The Puzzle on Unemployment Factors and the Welfare State Role in Greece: What University Students Believe

The Puzzle on Unemployment Factors and the Welfare State Role in Greece: What University Students Believe

Argyris Kyridis (Aristotle University of Thessaloniki, Greece), Maria Pavlis Korres (General Secretariat for Lifelong Learning, Greece & Hellenic Open University, Greece), Christos Dimitrios Tourtouras (Aristotle University of Thessaloniki, Greece), Nikos Fotopoulos (University of Western Macedonia, Greece) and Christos Zagkos (Center of Educational Policy Development (KANEP/GSEE), Greece)
DOI: 10.4018/978-1-7998-1207-4.ch040
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In an era of major technological, digital and scientific achievement, in the modern post-industrial globalized society of great contradictions, problems and conflicts, the unemployment phenomenon, which affects young people to a greater extent, is exacerbated. Greece is the country that was affected more than any other country in southern Europe by the multiple effects of the economic crisis, which among others catapulted youth unemployment to unprecedented levels. This chapter presents a research on views and attitudes analysis of male and female students of higher education in Greece towards unemployment as a social phenomenon, towards stereotypical attitudes on unemployment, as well as towards the ways and forms of the research phenomenon configuration. Subsequently, this research attempts to record, analyze and interpret the students' views and attitudes towards the Greek welfare state, thoroughly studying the correlations of all the above data.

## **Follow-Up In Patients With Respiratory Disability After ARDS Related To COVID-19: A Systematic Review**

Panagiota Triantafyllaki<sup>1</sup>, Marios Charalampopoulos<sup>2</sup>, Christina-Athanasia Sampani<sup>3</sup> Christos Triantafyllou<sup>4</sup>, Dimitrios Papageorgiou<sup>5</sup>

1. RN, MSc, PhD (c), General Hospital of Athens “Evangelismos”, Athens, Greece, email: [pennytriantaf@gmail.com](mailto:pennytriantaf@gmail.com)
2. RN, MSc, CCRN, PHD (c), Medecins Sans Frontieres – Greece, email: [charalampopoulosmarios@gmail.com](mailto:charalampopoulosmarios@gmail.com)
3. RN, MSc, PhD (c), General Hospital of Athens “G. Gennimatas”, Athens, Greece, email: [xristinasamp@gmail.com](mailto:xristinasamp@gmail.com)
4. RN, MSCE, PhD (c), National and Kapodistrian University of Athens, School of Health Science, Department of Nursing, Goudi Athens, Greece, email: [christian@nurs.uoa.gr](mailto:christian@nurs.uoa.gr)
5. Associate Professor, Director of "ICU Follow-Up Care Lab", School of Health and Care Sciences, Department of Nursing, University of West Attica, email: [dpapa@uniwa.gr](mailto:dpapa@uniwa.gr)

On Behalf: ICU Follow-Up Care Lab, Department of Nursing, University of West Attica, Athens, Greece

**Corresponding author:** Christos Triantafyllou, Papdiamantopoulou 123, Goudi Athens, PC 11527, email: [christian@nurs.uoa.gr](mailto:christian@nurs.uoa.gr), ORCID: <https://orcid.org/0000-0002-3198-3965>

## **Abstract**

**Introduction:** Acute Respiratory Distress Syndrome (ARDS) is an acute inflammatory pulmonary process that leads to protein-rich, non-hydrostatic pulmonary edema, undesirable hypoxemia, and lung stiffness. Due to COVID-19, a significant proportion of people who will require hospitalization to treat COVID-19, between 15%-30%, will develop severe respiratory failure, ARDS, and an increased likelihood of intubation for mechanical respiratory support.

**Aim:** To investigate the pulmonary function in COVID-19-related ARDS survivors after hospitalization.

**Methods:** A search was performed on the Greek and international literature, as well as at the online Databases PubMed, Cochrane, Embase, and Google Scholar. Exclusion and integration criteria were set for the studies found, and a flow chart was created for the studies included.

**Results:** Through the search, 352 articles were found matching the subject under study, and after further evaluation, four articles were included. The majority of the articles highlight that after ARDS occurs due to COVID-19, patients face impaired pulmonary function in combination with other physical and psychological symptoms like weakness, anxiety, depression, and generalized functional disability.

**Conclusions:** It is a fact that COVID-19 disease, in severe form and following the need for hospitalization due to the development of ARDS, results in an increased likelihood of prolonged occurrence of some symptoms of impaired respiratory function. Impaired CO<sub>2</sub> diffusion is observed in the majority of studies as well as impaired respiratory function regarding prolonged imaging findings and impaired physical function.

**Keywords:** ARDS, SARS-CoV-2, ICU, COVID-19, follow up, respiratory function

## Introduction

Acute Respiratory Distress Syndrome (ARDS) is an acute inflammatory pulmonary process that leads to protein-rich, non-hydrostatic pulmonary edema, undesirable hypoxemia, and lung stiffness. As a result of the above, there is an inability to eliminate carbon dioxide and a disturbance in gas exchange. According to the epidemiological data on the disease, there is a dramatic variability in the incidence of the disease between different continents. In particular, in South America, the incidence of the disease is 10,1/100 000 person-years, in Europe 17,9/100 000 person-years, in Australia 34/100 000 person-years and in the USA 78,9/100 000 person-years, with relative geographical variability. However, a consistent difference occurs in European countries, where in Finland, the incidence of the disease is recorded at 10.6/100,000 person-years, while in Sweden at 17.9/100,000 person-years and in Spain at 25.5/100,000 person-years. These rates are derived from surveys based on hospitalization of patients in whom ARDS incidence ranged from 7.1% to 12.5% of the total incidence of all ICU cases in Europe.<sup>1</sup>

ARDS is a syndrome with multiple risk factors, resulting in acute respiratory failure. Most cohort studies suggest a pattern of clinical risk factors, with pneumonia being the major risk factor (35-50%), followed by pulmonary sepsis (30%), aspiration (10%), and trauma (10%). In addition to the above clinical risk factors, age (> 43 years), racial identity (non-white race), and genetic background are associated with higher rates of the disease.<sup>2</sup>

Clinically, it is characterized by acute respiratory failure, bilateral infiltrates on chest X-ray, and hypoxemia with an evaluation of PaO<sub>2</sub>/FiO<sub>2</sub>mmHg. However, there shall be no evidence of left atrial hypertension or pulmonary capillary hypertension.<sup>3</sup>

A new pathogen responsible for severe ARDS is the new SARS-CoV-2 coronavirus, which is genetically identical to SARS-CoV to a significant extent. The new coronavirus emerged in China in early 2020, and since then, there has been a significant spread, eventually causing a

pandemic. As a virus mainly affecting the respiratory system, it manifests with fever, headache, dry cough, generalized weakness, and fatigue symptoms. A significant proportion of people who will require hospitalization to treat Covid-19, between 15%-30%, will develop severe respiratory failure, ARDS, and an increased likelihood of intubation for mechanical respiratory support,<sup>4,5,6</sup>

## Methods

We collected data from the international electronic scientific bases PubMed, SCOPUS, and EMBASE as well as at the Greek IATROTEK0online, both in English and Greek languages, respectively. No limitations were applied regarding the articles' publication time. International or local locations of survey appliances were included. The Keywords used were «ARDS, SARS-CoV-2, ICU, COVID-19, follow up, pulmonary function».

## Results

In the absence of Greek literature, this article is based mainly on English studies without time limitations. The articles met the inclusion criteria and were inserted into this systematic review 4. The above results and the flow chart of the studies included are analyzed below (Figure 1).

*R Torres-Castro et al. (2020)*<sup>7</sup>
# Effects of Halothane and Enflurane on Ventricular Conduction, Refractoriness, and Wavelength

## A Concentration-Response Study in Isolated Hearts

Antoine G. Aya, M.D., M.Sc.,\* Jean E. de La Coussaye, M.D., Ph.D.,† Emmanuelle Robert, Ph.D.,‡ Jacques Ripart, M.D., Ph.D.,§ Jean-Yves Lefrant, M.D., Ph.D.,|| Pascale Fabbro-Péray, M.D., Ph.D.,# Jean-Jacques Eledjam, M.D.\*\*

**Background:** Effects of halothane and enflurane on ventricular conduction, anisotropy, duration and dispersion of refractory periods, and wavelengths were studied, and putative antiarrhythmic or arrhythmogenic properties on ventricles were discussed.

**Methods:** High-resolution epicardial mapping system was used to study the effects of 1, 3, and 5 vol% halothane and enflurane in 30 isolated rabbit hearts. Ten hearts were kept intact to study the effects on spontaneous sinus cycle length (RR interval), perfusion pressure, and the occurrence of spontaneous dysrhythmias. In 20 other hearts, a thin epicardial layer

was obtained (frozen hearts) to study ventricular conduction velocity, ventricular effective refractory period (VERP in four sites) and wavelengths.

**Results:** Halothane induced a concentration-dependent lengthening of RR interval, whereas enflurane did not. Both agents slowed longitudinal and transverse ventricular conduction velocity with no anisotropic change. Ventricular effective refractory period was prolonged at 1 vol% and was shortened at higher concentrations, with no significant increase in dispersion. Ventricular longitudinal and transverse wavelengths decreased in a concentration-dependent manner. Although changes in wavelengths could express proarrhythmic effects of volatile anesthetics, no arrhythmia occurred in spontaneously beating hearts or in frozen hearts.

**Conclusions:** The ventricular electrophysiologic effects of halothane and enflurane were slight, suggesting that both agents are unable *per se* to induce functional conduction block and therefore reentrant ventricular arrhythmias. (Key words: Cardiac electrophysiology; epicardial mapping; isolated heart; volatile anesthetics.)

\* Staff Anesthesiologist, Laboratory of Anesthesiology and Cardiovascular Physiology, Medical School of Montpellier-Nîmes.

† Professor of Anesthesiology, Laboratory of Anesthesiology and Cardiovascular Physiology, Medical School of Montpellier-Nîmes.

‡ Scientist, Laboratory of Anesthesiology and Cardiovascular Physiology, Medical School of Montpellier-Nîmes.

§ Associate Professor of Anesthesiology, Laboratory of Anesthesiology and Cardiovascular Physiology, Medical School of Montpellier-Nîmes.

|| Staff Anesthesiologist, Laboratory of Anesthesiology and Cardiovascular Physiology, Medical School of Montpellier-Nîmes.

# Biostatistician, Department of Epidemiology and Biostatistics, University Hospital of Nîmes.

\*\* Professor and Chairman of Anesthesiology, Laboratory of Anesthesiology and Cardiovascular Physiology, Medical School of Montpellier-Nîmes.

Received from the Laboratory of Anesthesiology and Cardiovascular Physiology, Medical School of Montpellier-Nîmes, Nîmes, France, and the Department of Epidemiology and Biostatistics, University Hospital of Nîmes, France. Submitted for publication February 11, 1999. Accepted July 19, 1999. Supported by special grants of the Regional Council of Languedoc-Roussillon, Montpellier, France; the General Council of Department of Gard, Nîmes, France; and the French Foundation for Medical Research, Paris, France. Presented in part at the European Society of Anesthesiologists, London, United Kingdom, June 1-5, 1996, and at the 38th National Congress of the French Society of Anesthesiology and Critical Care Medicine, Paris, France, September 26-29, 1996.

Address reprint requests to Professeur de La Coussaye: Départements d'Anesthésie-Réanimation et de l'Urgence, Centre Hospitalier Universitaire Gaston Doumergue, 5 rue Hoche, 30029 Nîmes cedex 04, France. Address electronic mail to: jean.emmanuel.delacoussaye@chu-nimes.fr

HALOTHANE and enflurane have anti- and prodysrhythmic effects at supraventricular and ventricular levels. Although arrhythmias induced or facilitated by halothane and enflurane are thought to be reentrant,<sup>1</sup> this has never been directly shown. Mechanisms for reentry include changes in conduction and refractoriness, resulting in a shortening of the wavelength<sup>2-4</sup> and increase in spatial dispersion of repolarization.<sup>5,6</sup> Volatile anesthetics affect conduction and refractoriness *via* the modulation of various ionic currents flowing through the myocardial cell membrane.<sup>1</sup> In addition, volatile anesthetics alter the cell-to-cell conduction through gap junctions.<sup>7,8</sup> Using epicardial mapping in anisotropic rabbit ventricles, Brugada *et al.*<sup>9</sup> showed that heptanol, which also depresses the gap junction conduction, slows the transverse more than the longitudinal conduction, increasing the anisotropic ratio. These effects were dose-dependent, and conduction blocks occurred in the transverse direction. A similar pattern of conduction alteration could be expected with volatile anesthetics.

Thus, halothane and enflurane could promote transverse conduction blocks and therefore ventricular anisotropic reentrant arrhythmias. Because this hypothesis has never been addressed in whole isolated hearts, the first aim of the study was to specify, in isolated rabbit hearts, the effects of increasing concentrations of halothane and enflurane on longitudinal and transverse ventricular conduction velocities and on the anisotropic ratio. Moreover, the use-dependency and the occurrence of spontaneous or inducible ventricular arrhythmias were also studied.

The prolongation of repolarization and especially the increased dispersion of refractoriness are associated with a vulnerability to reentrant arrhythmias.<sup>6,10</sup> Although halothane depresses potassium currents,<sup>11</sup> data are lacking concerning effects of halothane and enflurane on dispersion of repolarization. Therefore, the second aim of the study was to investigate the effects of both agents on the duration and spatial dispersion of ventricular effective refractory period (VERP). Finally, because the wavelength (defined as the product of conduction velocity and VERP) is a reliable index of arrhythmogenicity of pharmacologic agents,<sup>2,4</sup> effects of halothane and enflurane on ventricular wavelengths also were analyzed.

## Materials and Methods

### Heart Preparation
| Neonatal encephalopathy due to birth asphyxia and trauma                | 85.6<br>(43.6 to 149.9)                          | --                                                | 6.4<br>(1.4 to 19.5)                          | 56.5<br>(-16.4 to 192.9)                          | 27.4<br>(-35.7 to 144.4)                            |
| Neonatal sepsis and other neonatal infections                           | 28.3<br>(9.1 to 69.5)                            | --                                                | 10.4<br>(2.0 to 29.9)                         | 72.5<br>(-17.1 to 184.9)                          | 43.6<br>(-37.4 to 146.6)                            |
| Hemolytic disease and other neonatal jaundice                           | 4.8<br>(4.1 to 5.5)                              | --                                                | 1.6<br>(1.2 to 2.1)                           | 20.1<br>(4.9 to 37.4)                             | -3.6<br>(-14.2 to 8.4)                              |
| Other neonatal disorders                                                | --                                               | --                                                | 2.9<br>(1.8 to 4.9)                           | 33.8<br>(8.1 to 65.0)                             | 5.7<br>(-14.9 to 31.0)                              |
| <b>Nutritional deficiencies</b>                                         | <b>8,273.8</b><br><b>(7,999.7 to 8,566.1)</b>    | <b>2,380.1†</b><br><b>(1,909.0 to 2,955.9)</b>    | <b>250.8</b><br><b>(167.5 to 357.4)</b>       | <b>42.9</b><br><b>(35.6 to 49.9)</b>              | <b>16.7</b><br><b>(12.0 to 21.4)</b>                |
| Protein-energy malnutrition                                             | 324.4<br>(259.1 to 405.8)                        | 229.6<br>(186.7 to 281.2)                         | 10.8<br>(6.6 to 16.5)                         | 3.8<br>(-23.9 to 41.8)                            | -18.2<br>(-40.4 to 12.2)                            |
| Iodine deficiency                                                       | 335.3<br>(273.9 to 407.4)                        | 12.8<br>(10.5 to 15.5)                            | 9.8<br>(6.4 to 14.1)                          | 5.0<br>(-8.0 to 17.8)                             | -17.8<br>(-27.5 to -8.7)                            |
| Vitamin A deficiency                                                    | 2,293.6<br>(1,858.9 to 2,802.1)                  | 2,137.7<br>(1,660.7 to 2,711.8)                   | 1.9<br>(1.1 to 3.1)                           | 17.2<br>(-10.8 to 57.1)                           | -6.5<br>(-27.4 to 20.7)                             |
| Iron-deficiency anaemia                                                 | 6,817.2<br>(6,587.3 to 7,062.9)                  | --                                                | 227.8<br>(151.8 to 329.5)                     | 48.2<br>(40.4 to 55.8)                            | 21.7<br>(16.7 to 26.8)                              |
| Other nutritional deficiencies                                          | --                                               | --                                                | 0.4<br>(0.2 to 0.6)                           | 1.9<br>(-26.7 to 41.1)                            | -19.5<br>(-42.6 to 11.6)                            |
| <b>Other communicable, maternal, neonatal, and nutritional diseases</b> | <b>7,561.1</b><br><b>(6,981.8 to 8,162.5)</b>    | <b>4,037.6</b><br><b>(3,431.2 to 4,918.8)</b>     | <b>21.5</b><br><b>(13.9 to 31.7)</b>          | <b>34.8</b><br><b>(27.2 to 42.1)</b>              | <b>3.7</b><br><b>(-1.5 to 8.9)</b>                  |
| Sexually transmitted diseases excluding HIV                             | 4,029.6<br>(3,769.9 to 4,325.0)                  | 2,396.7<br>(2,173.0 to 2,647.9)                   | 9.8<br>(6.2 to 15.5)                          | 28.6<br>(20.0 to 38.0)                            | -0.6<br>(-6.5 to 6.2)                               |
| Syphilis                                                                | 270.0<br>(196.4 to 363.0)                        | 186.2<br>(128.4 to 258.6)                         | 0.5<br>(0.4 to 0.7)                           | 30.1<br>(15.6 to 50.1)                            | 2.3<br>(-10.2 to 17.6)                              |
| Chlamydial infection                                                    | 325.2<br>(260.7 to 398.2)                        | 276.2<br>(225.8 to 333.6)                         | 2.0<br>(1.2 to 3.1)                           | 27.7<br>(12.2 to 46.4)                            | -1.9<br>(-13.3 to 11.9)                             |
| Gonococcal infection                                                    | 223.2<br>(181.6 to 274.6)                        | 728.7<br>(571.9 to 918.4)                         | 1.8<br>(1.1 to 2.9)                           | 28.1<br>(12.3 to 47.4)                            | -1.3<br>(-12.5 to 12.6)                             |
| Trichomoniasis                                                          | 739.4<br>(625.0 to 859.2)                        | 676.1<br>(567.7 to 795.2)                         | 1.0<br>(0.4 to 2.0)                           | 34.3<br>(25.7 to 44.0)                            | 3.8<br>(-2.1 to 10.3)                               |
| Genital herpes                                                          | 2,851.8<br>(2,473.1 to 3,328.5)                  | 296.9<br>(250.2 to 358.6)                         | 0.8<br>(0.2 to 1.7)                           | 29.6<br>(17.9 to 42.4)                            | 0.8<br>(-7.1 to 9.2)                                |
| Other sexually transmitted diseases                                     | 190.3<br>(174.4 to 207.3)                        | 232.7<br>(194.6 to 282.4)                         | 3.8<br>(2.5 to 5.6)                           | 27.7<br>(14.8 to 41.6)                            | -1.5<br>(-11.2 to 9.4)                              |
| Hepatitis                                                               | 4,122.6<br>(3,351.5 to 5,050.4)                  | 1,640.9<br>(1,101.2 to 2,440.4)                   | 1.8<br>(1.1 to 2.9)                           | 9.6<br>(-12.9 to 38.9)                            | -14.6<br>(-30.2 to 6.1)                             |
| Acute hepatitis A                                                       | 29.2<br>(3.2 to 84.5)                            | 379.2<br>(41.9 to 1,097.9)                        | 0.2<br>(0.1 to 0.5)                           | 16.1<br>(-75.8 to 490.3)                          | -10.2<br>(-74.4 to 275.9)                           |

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According to Eurostat, unemployment rate for each country is considered the labor force percentage at the age of 15-74 years that do not work, even though they are available, and they were either looking for work during the last month or were about to start work in the next three months. Employees are defined persons at the age of 15 years and over who have either worked on remuneration lately, for at least one hour or have not worked due to leave, whereas economically inactive are defined all other persons who are neither employed nor unemployed.

The lack of a clear policy created severe unemployment problems for young people. The incapacity to provide the necessary services to youth has been documented over and over again and each failure of social programs makes the problem seem much greater (Riessman, 1967; English, 1970). The various youth programs have only dealt with the symptoms, and the rate of youth unemployment will not be reduced until there are changes in the economic and social policies of the countries involved (Fyfe, 1978; Gordon, 1979). Youth unemployment rates across the world are more than double compared to those of adults, which is often interpreted as a lack of decent work opportunities for youth (ILO, 2008).